THE BLOG

My Memories of BBC Television Centre, Aged 23

24/03/2013 20:29 GMT | Updated 22/05/2013 10:12 BST

As far back as I can remember, BBC Television Centre had always been a place in which I wanted to work. I think my love affair with TVC all started with Live & Kicking, the Saturday morning kids TV show fronted by the likes of Andi Peters and Phillip Schofield, which featured iconic opening titles of a marble breaking out of Television Centre rolling around the outside of the building for about 45 seconds, before heading straight into the madness and the chaos of that particular programme.

What made those titles great, was the idea that this building was where all the madness happened, the hub of every BBC programme. Even to this very day, I walk past TVC on my way to Westfield or the new White City buildings, and the building still reminds me to the Live & Kicking opening titles. And often I walk away with the iconic theme tune in my head. At a such a young age I don't think I was clear what I wanted to do with my lie, but what was clear was that I wanted BBC Television Centre to play some part in my life, and luckily... it did.

As a child I tried my hand at acting and this would often lead to auditions, casting sessions, script readings. And of the many auditions I went on, there was nothing like the feeling of jumping on the Central Line, getting off at White City and being met with this giant building, the heart of the BBC. So for me, these auditions weren't necessarily about getting the part, although of course I tried my best, but rather I aw these visits as a chance to embrace the fact that I was inside a building in which a lot of my favourite shows such as Top of the Pops, Blue Peter and Noel's House Party were made.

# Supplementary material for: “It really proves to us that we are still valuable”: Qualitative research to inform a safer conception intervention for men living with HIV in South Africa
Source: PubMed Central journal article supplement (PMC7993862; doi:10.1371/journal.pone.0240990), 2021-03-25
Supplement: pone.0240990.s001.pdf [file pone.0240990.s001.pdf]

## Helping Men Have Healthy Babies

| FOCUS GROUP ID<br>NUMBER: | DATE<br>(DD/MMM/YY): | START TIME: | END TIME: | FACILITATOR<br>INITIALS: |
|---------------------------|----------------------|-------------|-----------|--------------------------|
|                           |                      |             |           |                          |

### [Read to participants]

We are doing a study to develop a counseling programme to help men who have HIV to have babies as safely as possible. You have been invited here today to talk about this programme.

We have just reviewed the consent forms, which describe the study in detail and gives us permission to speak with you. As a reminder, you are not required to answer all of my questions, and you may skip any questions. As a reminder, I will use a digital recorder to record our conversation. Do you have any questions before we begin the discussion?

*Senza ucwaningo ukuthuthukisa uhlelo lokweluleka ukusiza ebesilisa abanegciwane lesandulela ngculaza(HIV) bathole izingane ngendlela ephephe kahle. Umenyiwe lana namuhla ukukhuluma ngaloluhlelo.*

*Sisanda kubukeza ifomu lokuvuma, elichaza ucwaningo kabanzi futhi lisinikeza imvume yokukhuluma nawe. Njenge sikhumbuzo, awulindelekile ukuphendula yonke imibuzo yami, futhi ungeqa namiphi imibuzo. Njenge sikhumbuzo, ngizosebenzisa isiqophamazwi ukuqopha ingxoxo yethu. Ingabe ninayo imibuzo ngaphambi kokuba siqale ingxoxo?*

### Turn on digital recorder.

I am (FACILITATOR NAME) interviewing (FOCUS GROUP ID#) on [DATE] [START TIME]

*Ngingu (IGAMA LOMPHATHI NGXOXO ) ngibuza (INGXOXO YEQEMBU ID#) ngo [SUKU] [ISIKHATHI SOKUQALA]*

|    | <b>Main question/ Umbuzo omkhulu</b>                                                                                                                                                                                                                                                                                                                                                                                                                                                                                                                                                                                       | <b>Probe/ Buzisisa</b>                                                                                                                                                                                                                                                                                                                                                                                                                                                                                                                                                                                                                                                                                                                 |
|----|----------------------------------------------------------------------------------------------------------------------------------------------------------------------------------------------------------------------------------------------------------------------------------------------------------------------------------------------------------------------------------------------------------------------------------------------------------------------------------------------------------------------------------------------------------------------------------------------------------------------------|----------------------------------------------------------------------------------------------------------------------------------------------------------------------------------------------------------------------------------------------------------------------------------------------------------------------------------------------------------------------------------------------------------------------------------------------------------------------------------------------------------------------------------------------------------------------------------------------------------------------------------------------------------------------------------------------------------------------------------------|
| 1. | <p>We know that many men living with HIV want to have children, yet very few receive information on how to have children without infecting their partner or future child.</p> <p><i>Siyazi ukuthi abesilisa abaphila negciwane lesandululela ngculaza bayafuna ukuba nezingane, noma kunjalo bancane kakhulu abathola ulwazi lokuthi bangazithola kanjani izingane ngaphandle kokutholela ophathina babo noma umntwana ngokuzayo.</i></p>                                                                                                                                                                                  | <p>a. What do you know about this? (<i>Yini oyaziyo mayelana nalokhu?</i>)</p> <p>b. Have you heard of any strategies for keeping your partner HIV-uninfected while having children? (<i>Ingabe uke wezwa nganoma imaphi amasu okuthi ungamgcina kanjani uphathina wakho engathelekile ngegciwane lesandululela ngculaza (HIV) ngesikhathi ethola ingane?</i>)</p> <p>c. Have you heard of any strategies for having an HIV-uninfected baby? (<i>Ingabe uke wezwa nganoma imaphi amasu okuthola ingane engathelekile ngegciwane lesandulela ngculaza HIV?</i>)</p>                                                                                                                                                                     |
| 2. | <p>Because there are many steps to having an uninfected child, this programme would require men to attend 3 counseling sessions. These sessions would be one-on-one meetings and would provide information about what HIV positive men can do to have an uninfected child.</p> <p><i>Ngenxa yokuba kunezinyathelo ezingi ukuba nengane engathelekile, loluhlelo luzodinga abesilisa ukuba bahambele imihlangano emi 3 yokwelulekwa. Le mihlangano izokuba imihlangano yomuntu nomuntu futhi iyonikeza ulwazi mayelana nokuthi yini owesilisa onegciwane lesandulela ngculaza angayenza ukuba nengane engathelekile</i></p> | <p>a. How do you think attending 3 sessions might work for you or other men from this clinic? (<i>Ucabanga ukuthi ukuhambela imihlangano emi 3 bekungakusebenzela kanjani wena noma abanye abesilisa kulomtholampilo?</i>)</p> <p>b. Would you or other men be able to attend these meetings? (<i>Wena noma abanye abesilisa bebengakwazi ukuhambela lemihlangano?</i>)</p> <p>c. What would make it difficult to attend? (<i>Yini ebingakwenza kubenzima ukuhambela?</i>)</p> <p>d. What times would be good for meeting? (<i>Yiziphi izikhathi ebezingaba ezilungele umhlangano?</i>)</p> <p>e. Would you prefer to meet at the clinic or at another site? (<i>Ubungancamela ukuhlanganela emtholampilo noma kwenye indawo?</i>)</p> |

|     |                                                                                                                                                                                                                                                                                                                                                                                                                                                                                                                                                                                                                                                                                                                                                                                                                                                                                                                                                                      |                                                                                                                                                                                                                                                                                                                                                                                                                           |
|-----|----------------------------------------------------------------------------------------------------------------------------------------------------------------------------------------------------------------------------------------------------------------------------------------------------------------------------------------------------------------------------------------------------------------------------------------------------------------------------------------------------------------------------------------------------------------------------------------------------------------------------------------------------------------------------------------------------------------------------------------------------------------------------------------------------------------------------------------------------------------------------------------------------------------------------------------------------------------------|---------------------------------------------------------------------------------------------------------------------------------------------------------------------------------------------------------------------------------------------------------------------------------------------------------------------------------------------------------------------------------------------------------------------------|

Walking into that building for the very first time was strange, I think I was about 13. As in a small office that, judging by the wallpaper belonged to CBBC. I was asked to read from a script I'm front of a guy who at the time I probably thought owned the BBC. Of course it's safe to say he didn't own the BBC, nor did he offer me the part.

That was the first of my many trips to the BBC, not just for auditions but some actual work too. One of my earliest memories of working in TV Centre was in 2003 for Comic Relief. Jonathan Ross was presenting and in his opening link, Ross was to be surrounded by children in bright clothes playing with toys and swimming in balloons. And yes, I was one of those kids and to be part of a live BBC TV show coming from TV Centre, even if it was jumping around next to Jonathan Ross, was somewhat of a dream come true for me.